Findings reported this week reveal how an evolutionary innovation that involves sharing genes between two ant species has created a deep-seated dependency between them for the survival of both species populations. The new work illustrates how genetic exchange through cross-breeding between two species can lead to a system of interdependence at a high level of biological organization — in this case, the production of worker ants for both species.
Millions of years before the first modern humans evolved, ants adopted many of the social innovations we consider our own: division of labor, agriculture, and even slavery. In fact, these traits have been pushed to the extreme in many ant species, such as the case of slave-maker ants, which have become so specialized in looting food from colonies of other ants that they can no longer feed themselves or raise their younger siblings. Recent work on ants suggests we may need to add genetic engineering to the list of innovations ants have developed to use. Populations have been discovered in two species of harvester ants in which queens mate with males of another species to produce genetically new hybrid workers. In a new study, Dr. Sara Helms Cahan and colleagues show that both species involved have effectively given up the ability to produce pure species workers in favor of the hybrids, making them completely dependent on each other for survival.
Female ants generally come in two forms: reproductive queens and sterile workers. The role, or caste, of an individual is determined for life at a certain stage of her development. In virtually all ant species, it is the environment in which a female is raised, rather than genetic predisposition, that determines which caste she will adopt. However, in two harvester ant populations in southern New Mexico, queens and workers from the same colonies are genetically very different; in both species at the site, only the queens are genetically derived from a pure species-specific lineage, while all workers are hybrids that possess a combination of genes from the two species in a single individual. It’s not currently known whether the ants benefit from having hybrids do the job, but, as evidenced by the researchers’ own efforts at selective breeding and genetic engineering, combining genomes is an easy way to produce new traits that can be very beneficial for growth, environmental tolerance or disease resistance. Regardless of the specific benefits, however, it is clear that these ants are committed to the hybrid workforce strategy. When the researchers prevented queens from mating with males of the other species, few succeeded in making workers, a handicap that would lead to some population failure in the field. The new findings suggest that specialization that relies on interspecific hybrid workers has not allowed these species to survive independently.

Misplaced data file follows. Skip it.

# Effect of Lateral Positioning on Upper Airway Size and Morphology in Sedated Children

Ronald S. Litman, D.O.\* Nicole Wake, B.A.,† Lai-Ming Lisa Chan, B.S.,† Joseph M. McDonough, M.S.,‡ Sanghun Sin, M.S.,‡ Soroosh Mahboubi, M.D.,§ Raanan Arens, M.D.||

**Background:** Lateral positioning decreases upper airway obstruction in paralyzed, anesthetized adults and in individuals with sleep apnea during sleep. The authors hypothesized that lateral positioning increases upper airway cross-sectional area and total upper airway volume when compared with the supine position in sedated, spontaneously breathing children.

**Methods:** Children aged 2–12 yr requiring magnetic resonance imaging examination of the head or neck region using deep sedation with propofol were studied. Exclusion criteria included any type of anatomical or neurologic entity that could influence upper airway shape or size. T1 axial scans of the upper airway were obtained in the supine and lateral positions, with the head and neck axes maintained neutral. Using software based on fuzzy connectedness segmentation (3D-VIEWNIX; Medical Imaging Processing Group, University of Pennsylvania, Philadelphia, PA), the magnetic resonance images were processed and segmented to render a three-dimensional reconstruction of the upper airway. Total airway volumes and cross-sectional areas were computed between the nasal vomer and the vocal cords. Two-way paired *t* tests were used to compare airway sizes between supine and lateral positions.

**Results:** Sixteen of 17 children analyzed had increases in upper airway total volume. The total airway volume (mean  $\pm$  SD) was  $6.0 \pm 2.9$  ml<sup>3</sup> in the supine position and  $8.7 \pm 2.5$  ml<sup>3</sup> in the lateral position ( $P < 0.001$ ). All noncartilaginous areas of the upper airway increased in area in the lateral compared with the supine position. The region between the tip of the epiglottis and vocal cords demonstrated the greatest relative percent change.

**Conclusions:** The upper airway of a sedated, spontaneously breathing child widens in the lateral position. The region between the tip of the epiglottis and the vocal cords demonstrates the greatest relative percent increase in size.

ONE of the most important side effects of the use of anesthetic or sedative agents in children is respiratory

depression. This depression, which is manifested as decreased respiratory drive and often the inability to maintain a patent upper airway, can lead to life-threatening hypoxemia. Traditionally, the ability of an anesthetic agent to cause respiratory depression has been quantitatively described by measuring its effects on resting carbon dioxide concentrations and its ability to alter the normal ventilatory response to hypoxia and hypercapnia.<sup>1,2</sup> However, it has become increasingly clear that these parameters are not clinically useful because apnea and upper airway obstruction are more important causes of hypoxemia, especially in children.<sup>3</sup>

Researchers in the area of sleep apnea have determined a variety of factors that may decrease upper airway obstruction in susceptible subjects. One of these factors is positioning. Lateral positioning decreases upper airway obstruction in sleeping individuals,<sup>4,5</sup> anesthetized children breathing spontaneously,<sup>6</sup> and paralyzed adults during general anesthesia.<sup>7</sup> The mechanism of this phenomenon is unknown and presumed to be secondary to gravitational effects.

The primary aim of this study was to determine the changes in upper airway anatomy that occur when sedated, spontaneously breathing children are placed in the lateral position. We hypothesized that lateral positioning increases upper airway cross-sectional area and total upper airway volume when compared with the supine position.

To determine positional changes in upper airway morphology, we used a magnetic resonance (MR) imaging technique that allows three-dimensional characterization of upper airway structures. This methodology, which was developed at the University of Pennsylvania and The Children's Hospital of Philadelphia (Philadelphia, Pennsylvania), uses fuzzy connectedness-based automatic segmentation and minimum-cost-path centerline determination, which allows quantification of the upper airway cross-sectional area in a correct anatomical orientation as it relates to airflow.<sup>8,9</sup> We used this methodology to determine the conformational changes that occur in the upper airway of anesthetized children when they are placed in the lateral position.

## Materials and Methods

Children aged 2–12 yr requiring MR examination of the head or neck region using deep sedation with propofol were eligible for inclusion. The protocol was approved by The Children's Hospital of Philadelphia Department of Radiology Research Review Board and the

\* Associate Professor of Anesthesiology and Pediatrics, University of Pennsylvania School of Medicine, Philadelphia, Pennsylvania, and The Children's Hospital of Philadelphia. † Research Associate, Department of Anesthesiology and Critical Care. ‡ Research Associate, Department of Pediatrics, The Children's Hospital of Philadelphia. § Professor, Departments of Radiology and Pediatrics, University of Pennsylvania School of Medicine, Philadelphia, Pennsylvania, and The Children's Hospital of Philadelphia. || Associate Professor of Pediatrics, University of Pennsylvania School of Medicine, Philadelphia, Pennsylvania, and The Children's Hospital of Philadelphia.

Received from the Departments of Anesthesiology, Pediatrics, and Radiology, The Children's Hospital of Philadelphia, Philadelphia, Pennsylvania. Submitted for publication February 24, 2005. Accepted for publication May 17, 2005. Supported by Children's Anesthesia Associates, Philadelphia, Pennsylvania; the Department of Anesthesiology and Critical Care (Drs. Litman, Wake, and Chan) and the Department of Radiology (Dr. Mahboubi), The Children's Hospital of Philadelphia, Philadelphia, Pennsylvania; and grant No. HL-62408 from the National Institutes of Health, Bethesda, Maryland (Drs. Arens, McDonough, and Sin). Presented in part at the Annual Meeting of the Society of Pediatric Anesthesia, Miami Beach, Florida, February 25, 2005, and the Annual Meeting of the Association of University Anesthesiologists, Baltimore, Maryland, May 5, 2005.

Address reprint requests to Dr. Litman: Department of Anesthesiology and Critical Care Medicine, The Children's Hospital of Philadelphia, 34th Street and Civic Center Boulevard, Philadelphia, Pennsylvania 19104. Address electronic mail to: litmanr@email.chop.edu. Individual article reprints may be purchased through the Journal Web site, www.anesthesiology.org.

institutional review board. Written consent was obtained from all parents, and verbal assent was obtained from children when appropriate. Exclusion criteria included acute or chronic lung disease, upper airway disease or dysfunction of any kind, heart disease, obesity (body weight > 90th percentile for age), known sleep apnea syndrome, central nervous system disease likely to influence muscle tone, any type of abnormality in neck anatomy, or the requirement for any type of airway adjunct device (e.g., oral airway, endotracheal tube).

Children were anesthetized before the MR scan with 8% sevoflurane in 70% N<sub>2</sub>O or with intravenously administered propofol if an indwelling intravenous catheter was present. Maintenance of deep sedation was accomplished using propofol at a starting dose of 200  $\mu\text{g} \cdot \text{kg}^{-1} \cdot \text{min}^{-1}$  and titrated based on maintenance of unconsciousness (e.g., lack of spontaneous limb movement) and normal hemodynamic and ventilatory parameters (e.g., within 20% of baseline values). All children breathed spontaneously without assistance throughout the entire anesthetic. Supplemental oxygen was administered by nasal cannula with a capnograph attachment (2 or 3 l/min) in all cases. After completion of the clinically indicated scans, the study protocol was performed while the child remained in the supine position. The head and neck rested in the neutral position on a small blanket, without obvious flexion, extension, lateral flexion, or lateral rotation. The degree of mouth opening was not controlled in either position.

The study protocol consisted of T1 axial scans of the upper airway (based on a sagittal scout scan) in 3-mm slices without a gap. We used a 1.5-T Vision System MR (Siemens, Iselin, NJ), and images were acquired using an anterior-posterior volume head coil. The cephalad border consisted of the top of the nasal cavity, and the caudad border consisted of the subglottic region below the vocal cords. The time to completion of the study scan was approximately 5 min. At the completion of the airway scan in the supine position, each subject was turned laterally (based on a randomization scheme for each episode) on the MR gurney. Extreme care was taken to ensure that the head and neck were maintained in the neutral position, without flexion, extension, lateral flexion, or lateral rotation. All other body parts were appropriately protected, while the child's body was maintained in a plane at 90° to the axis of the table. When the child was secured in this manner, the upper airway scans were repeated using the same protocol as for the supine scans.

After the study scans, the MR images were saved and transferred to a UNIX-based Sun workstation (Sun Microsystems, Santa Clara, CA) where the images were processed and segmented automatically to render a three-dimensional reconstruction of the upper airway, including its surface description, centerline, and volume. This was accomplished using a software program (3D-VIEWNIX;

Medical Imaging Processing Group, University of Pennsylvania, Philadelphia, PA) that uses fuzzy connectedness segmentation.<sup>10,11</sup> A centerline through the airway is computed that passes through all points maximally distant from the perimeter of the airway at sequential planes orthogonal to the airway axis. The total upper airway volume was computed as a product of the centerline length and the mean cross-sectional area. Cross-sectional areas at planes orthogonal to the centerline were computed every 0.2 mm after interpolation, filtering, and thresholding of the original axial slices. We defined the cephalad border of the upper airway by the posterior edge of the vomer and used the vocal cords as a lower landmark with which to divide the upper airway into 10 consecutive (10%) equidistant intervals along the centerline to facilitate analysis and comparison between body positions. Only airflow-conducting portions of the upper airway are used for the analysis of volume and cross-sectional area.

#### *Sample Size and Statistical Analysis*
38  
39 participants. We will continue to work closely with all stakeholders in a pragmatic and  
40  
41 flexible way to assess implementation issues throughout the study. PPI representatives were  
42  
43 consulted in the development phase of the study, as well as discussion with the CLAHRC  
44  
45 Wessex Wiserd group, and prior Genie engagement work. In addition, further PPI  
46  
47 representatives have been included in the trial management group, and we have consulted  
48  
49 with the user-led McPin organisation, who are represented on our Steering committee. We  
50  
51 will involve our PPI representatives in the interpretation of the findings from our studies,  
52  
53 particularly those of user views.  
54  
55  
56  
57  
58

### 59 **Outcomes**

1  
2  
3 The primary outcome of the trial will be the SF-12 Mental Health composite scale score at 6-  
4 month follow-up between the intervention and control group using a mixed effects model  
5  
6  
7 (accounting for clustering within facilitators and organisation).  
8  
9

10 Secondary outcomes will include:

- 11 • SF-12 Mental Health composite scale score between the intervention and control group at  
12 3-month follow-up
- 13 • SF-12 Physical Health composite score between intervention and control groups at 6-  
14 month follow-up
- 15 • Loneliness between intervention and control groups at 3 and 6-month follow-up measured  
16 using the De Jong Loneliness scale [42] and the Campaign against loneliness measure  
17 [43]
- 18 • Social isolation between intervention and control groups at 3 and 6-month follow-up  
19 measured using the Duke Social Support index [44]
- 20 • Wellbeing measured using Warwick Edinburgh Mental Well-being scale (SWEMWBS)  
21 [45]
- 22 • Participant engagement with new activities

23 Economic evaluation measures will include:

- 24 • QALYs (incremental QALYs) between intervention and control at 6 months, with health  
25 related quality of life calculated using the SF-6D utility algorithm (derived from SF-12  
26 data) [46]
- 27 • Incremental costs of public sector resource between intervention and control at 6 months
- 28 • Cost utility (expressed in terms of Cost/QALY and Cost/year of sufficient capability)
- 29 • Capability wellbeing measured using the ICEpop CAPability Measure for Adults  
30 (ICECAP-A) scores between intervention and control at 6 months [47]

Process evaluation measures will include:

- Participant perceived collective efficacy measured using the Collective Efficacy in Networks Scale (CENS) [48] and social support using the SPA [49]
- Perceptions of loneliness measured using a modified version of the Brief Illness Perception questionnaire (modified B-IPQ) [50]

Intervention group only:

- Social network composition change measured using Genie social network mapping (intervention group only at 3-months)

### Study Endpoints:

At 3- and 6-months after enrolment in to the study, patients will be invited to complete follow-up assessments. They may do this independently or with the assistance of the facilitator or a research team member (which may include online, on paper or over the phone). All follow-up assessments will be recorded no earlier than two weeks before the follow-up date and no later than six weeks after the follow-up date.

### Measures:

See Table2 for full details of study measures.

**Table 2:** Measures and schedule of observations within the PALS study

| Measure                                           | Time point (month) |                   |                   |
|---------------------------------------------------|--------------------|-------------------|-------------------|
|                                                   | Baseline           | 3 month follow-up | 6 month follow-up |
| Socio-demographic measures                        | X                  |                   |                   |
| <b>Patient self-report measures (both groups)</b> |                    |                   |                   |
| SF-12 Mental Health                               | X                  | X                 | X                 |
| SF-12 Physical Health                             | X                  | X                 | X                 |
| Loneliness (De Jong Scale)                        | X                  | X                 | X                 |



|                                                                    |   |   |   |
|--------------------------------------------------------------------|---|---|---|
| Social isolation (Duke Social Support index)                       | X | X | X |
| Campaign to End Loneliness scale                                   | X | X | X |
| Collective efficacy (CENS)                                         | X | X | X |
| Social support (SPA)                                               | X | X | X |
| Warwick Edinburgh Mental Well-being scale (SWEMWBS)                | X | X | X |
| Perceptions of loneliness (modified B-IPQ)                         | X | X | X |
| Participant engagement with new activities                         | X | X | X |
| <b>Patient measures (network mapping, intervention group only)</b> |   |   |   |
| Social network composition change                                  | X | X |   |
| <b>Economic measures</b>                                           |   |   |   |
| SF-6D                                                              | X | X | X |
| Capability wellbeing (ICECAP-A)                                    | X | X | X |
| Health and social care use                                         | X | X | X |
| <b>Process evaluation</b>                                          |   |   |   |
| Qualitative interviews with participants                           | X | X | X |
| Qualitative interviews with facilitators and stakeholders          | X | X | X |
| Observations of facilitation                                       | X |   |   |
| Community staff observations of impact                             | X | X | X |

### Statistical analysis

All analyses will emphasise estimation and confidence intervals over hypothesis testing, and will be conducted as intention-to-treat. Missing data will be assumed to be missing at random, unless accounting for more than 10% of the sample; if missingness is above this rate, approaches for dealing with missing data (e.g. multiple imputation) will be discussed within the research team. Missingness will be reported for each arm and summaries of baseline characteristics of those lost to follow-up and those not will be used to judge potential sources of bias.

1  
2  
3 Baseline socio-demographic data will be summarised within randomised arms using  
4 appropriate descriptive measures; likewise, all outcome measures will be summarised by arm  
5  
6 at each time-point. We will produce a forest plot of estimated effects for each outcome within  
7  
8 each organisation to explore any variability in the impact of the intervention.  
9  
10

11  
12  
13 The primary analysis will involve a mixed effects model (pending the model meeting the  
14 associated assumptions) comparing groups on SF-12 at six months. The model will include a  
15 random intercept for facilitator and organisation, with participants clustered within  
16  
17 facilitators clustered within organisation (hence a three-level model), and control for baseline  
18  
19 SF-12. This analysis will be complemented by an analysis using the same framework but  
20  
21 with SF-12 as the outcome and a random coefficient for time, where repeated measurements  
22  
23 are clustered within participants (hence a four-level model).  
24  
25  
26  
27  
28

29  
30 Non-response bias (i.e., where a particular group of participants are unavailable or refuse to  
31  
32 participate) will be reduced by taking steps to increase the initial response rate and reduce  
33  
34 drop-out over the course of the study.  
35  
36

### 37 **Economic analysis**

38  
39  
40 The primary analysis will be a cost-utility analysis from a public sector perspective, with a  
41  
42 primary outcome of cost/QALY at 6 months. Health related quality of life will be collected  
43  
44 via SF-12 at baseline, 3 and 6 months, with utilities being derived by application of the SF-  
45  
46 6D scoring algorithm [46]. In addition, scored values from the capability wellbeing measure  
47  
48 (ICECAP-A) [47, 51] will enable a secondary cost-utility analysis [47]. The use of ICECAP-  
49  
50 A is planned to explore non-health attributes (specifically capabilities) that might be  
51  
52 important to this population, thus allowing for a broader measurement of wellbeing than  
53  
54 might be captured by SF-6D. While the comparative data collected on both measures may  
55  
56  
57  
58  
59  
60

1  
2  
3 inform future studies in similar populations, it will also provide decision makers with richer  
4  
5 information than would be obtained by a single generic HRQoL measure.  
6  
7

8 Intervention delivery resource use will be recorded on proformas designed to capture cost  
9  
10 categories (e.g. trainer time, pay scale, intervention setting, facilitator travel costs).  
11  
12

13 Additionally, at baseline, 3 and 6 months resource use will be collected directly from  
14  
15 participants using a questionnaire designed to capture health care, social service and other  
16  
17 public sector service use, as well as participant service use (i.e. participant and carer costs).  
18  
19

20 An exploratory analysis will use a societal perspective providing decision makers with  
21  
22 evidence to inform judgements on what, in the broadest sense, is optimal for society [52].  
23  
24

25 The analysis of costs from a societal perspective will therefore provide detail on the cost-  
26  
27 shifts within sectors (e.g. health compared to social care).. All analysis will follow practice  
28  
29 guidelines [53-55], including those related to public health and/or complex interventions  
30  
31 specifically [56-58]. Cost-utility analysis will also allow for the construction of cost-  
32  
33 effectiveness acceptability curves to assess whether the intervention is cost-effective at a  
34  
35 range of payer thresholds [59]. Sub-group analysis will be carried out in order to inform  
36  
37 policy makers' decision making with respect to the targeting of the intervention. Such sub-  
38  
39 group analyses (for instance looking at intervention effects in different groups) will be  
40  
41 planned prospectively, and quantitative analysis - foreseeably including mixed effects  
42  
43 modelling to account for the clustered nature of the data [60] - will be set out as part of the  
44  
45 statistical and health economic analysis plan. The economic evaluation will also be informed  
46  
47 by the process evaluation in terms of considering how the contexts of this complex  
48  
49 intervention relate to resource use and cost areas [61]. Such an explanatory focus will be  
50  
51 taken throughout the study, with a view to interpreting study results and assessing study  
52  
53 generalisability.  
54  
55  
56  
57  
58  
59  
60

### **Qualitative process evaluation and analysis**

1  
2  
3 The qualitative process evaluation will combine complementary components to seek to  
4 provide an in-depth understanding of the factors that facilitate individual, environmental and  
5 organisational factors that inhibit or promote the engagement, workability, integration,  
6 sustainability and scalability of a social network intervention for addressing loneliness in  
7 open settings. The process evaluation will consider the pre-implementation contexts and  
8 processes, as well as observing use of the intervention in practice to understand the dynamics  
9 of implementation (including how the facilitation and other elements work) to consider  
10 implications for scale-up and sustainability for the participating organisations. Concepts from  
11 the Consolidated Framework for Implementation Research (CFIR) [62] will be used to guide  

Sara Helms Cahan, Glennis E. Julian, Steven W. Rissing, Tanja Schwander, Joel D. Parker, and Laurent Keller: “Loss of phenotypic plasticity generates genotype-caste association in harvest ants”
The other members of the research team are Glennis E. Julian of the University of Texas, Austin; Steven W. Rissing of Ohio State University; and Tanja Schwander, Joel D. Parker and Laurent Keller of the University of Lausanne. This work was supported by grants from the Durfee Foundation (administered by the Earthwatch Institute), the Swiss Society of Naturalists (ASSN), and the Swiss National Science Foundation.
Publication in Current Biology, Volume 14, Number 24, December 14, 2004, pages 2277-2282. www.current-biology.com
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